25 Traits Of The Not So Well To Do

burning-cash

Who hasn’t complained about money from time to time?

I’ve had my share of gripes over the years for sure!  Some people follow up their gripes by doing something about it.  They save and work hard so they can have a better life later on.  They become the well to do.

Others are the not so well to do’s.  They sacrifice their futures to live like kings and queens today, always with the latest “stuff” but at the same time complaining about money.

I’ve observed, over the years, that the not so well to do’s have some traits in common.  The following list are my observations.

These items aren’t bad per se, but when you see a good number of these traits in a person there’s a good chance they too are one of the not so well to do (read: poor)!

25 Traits Of The Not So Well To Do:

Reason you're not rich or wealthy1) Big flat screen TV

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Take Up A Sport And Become Good At It

you-could-be-in-mma-this-summer

Take Up a Sport and Become Good at it

This is a guest post from the blogger behind Studenomics, a personal finance blog that offers common sense advice for college students and recent graduates.  Studenomics is the ultimate resource for young people looking for advice on  how to survive this current recession, grow their careers, manage their finances, and still be able to enjoy the weekends.

We all want to have a productive summer but we just don’t know where to start.  Here’s a little secret: you can start by reading The Summer of George- The Most Productive Summer a College Student Will Ever Have.

Remember right before the Summer of George begins and he stumbles into the guys playing frolf (frisbee golf) in the park?  Costanza plays one game and he gets all excited about how he will spend his summer learning how to play frolf and then that could not be further from what actually happens.  This post may not have a whole lot to do with personal finance but the point of this series is to help young people have a highly productive summer.

Obviously I’m not trying to recommend frolf as a summer sport for everyone but I’m sure all of you have a sport in mind that you have always wanted to play.  For me this sport is Mixed Martial Arts and for the past few weeks I have been training 5 days a week to learn the sport.

Please don’t fall prey for the two most common excuses: no money and no time because there is a solution for both.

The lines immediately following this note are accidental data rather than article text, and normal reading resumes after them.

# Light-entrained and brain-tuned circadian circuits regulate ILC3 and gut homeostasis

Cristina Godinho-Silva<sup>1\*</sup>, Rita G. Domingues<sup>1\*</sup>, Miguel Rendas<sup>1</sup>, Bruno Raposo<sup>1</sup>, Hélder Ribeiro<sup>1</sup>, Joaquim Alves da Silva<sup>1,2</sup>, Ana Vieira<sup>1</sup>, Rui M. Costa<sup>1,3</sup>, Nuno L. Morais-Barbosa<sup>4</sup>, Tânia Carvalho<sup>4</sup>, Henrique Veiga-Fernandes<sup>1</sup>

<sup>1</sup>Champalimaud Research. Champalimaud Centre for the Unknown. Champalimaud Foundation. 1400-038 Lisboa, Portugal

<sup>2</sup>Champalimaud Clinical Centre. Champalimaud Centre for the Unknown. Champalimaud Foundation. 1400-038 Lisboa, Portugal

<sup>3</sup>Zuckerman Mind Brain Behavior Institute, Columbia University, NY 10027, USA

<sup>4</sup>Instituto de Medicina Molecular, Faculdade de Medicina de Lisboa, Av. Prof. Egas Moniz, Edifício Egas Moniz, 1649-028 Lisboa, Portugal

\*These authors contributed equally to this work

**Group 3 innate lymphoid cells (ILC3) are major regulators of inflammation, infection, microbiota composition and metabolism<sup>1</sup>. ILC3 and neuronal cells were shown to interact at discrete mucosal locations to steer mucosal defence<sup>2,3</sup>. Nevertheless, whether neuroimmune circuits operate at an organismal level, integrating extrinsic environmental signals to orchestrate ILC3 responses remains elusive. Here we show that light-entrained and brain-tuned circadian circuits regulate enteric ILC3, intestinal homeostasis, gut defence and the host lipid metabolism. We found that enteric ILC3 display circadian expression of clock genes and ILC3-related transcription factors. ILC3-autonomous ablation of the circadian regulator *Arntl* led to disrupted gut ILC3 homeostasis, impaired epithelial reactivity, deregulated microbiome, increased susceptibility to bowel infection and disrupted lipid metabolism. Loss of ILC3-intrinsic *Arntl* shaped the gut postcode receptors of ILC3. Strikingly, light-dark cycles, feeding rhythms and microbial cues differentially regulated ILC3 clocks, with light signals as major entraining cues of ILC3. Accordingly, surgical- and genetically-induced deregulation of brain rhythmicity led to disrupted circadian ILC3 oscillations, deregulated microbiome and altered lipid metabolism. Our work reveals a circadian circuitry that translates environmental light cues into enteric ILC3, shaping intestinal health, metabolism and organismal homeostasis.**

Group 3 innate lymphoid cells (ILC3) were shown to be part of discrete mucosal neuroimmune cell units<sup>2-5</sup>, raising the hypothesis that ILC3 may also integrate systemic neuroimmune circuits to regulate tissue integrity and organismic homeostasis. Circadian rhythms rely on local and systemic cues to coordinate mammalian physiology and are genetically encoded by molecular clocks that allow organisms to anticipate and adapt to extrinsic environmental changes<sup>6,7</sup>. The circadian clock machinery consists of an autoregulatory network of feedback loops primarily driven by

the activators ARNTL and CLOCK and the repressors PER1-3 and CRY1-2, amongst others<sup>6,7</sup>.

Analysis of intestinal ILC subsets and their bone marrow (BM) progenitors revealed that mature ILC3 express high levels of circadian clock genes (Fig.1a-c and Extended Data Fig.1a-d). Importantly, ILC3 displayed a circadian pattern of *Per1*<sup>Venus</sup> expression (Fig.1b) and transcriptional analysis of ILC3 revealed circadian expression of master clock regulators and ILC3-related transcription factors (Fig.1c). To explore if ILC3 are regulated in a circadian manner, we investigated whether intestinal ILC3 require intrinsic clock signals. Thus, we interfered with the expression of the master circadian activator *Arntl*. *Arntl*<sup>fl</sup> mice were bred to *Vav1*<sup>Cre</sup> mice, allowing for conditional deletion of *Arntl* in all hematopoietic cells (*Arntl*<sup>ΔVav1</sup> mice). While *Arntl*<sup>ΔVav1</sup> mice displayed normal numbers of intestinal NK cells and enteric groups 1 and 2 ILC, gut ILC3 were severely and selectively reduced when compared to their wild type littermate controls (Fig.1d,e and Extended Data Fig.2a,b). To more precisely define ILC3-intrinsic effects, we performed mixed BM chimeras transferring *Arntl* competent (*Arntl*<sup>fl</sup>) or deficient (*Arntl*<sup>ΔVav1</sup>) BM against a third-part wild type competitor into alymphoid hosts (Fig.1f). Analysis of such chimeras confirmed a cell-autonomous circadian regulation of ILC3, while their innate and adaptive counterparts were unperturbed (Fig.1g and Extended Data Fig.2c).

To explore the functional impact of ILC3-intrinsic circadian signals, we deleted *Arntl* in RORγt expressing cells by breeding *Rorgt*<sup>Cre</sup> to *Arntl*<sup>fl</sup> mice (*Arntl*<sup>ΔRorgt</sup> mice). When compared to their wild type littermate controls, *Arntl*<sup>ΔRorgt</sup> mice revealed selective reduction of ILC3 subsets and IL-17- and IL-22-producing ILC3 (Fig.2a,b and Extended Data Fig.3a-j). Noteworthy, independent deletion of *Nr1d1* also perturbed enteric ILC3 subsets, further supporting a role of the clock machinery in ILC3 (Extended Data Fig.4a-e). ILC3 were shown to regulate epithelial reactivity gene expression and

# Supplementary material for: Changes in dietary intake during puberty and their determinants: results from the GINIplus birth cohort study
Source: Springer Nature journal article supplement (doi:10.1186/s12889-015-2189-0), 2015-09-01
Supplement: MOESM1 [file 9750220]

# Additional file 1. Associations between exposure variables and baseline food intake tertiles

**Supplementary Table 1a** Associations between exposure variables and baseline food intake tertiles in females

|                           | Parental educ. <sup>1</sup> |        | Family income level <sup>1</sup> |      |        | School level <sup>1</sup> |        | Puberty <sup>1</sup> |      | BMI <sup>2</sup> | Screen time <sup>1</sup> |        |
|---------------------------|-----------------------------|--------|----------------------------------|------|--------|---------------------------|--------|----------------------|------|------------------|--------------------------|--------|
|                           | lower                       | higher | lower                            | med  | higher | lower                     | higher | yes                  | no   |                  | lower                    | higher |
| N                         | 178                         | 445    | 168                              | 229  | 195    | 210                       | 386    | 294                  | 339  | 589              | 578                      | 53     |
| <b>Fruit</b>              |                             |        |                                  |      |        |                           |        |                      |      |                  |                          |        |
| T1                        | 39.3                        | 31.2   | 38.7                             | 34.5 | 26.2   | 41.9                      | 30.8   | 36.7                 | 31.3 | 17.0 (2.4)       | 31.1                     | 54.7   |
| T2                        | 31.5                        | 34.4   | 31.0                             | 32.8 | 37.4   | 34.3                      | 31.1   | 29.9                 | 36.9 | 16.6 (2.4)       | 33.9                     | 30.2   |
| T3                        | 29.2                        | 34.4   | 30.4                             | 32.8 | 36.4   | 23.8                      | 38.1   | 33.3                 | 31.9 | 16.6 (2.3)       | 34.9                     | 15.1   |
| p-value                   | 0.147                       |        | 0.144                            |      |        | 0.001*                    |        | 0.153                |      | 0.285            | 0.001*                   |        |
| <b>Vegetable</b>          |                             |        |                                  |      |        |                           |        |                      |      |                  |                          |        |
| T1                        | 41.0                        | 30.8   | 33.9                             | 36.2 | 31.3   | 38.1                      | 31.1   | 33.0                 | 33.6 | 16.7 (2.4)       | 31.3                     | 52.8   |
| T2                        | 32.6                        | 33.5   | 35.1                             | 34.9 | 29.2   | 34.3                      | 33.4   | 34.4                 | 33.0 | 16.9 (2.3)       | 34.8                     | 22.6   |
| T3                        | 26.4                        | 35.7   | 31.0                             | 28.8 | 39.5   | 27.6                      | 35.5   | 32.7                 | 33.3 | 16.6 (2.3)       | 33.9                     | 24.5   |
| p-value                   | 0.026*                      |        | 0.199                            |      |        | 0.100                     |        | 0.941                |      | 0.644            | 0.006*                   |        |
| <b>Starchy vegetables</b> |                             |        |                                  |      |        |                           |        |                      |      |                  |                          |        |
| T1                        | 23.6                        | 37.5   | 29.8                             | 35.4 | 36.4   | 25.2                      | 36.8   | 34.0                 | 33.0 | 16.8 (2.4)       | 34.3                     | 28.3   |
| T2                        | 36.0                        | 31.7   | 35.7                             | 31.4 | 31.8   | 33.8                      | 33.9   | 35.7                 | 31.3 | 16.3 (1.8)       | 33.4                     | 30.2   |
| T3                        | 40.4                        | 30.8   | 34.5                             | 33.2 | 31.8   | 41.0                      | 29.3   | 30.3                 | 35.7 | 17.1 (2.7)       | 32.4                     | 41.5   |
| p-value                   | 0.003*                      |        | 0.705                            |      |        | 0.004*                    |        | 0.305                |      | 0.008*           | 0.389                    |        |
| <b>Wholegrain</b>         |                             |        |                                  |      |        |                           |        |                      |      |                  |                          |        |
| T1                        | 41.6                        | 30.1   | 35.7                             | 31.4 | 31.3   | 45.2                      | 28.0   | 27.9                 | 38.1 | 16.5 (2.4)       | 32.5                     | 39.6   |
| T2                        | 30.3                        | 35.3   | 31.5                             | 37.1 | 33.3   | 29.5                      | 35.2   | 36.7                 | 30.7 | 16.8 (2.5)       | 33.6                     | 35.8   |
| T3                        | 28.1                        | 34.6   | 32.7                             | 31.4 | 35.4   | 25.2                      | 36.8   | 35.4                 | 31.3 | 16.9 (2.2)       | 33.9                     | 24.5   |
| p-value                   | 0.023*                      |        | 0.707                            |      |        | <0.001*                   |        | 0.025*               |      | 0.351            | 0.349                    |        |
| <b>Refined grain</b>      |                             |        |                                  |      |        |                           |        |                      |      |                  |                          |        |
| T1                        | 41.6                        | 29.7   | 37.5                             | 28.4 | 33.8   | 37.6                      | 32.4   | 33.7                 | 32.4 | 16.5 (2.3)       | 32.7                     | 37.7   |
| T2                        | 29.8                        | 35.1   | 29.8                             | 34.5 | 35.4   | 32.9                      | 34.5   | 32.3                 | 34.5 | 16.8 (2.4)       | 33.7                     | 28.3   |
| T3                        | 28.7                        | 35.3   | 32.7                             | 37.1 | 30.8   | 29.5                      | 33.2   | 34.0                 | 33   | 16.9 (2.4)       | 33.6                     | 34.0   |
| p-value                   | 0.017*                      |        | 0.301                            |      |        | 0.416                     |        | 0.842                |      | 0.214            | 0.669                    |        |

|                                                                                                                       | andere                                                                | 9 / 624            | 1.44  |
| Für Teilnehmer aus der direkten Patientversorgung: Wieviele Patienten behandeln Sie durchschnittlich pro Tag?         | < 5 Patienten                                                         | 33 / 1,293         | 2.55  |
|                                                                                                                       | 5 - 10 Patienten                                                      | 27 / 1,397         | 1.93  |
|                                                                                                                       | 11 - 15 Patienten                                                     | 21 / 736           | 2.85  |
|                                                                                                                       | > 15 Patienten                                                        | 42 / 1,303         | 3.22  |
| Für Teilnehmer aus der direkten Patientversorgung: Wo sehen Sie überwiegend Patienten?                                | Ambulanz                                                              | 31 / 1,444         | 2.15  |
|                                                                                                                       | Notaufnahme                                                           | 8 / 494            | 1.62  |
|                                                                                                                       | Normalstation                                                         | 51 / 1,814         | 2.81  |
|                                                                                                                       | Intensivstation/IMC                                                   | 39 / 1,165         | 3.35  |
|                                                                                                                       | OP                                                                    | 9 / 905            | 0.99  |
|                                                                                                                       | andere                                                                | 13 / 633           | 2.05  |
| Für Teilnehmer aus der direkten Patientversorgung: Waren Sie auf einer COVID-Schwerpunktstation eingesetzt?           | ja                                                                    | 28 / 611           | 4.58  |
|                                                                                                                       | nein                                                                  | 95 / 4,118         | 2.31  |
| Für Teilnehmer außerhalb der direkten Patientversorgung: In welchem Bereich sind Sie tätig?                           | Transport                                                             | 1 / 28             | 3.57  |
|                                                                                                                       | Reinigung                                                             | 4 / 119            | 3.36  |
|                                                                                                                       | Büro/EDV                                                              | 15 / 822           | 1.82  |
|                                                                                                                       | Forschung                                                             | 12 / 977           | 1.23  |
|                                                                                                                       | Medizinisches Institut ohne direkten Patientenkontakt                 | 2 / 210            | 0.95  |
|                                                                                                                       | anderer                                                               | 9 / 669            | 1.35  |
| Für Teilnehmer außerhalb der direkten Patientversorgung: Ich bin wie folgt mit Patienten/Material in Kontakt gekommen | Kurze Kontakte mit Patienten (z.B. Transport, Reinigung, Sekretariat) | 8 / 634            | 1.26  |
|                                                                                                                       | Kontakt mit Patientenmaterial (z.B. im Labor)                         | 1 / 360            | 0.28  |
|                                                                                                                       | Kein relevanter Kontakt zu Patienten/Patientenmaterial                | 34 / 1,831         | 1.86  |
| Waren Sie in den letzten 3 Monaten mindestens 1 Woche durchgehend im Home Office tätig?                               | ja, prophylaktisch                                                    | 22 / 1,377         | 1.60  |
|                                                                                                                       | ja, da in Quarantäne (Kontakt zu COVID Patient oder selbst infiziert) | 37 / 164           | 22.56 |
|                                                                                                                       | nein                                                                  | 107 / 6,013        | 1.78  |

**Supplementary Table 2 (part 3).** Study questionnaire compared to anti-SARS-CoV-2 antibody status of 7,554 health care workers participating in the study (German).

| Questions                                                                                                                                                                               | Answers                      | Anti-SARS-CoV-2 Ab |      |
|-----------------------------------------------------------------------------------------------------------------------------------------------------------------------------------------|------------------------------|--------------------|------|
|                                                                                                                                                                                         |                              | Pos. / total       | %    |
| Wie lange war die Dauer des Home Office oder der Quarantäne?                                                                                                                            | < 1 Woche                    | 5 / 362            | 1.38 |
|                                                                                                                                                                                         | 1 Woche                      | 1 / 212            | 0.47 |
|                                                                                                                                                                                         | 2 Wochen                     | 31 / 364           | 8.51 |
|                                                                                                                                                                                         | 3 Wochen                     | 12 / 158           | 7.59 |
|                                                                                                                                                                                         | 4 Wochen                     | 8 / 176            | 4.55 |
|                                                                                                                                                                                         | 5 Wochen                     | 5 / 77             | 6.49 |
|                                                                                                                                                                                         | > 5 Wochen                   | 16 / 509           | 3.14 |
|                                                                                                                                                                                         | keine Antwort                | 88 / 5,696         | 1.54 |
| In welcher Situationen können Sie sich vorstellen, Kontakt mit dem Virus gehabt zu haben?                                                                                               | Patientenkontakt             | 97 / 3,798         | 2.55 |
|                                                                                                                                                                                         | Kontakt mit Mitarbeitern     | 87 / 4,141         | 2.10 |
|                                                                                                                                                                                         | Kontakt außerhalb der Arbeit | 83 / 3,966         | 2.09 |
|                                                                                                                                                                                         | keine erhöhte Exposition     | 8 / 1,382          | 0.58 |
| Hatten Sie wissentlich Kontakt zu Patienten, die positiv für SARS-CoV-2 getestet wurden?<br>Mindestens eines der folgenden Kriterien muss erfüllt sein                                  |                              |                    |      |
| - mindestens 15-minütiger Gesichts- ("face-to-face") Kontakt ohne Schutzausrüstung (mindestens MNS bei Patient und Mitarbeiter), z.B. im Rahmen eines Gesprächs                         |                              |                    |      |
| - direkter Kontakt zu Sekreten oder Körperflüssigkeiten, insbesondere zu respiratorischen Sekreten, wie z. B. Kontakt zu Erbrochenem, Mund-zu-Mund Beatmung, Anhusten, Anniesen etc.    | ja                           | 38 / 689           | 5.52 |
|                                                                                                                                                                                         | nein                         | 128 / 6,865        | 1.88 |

The no money excuse. If you can’t afford to pay for professional training then simply don’t get professional training.  First of all there are plenty of free tutorial videos available online (what would our generation do without You Tube?) and practice makes perfect.  If you can’t organize a group of your friends to play soccer one afternoon then go towards a major park in your area and join in on a casual game.  You will get to meet new people, practice, and improve your skills.

The no time excuse. The excuse of having no time is a self imposed restriction used as an excuse for procrastination.  I can maybe count on one hand the amount of college students that I actually know that don’t have any time at all to spare during the summer.  We all have at least an extra hour a day where we can sneak in some sort of physical activity.  The trick is to figure out how we can play this sport with our free time.  I figured out that I could sneak in a kickboxing class in the mornings since I have been working evenings lately.  A couple of summers ago when I was into golf (not frolf) I would wake up really early and go to the park to tee off a little so that no one would see my embarrassing swings. Whatever the sport is you can always sneak in an extra hour or so to improve your skills.

What other ways do you think you can afford a new sport?

Please enjoy the rest of the series:

Summer of George Introduction @ Studenomics.com

Learn a New Language @ TotalCandor.com

Help Your Local Church @ GatherLittleByLittle.com

Take Some College Courses This Summer @ PoorerThanYou.com

Summer Jobs With Little Startup Funding Required- Part 1 @ MoneyNing.com

Summer Jobs With Little Startup Funding Required- Part 2 @ PTMoney.com

Take Control Of Your Financial Situation @ Bargaineering.com

Work Abroad This Summer @ CashMoneyLife.com

Enjoy Cheap Summer Activities @ MoneySmartLife.com

Creative Commons License photo credit: Latente ? Le Sbarbine nel Governo

Don’t Let Money Ruin Your Marriage!

Wedding Day